Postphoning the Goperdammurung?

It seems that whenever there is a Republican setback lately, whether electoral or politically in general, there are a spate of thinky pieces about what’s going wrong in the Republican Party and how they might fix it. I don’t despise the impulse, even while I find it overly optimistic and paradoxical. Many of the premature postmortem-writers aren’t ostensibly fans of the Republican party, to begin with. And rather than consider how whatever rupture between the party and the mainstream can be repaired, I know my gut instinct is to reach for a lever and pull like a mad mother. Political writers are, for the most part, I think, bright people and problem-solvers at heart. We are generally not rooting for armageddon. There is a code of honoring bar tabs and not kicking even bastards in the slats when they are down.

And I am a political writer and not immune to the zeitgeist, so why don’t I carve into this still-wriggling corpus and see what political wisdom may be extracted? (Let’s get it down first. And maybe a kick to the slats? And while we are here, a shiv and that lever. Thank you.)

Those of us living in consentual Realityville should agree that the government shutdown over the ACA and subsequent debt ceiling threat were quixotic and futile errors that cost real money and real political capital with independents and moderates—regardless of the happy faces that the multiple culprits want to pull over it. Smiling Jack Kingston, Republican of GA, has gone so far as to consider the shutdown a quest to re-establish the Republican brand.  That’s very good, isn’t it? A possible economic meltdown tipped off by a misinformed paranoia over a law that was passed three years ago now suffices for a defining moment for what was the party of Lincoln. May I suggest that sounds small? If Republicans want to be a party that can be drowned in a bathtub, they can be my guest, since they already have members that could be drowned looking up at the rain.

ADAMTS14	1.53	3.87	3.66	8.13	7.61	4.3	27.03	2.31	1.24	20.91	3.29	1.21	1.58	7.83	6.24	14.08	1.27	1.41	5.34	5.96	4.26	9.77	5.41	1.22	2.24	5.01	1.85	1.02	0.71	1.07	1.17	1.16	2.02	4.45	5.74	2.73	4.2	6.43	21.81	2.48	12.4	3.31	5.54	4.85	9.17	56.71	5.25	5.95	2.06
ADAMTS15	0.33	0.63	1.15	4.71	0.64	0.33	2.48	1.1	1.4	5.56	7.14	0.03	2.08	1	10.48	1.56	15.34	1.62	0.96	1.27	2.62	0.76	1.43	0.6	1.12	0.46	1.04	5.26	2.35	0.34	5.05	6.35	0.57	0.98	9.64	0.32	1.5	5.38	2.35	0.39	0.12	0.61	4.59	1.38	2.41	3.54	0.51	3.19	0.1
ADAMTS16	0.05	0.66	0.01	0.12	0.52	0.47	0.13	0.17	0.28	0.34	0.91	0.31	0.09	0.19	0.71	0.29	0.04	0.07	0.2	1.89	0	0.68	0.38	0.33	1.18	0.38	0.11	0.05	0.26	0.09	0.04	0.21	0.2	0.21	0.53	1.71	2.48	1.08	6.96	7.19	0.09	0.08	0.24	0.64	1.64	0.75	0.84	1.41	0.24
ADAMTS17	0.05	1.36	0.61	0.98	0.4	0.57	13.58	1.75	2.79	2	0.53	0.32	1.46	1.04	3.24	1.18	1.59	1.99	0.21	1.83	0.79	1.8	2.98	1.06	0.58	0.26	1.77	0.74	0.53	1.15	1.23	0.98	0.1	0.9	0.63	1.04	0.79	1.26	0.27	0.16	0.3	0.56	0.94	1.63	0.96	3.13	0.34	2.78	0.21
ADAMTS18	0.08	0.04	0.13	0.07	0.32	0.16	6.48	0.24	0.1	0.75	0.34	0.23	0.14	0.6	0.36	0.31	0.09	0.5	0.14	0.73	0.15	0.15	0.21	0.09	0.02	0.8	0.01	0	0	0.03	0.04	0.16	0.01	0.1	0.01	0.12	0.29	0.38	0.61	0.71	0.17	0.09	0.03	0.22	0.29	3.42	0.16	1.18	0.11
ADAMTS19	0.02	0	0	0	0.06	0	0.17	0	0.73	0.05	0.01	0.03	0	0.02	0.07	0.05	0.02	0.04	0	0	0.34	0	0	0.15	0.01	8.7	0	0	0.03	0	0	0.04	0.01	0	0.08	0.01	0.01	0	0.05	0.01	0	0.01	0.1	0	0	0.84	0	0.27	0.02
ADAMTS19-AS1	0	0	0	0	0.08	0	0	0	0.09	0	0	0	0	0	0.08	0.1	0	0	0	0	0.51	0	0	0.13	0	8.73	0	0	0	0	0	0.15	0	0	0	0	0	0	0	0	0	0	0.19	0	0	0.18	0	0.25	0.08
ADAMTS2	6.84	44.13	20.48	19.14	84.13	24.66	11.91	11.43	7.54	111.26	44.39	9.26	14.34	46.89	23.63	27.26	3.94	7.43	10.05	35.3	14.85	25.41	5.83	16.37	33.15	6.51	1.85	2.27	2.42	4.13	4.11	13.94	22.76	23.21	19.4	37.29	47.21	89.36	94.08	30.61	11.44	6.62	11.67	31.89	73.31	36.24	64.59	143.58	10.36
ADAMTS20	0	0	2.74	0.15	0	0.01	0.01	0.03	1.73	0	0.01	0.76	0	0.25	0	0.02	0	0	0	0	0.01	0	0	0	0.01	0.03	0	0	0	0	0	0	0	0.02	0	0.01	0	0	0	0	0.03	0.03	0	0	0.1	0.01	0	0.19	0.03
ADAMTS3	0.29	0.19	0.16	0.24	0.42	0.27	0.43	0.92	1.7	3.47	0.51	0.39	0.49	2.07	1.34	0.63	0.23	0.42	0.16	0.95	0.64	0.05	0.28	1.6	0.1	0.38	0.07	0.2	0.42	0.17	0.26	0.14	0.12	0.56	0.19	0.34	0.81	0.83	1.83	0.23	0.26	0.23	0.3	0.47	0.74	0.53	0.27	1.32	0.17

But that doesn’t stop new Tea Party posterboy Ted Cruz and Action Sideburns Matt Kibbe of the morally and financially bankrupt FreedomWorks from considering this to be “Winning”. Because there is a segment of the base that would love to bankroll the kinds of politicians who would do this all over again. And will funnel that checkbook destructionism through all the right “grassroots” wallets, u betcha. And if any “squishes” want to be killjoys and stop the shutdown/debt-ceiling threat party from happening again?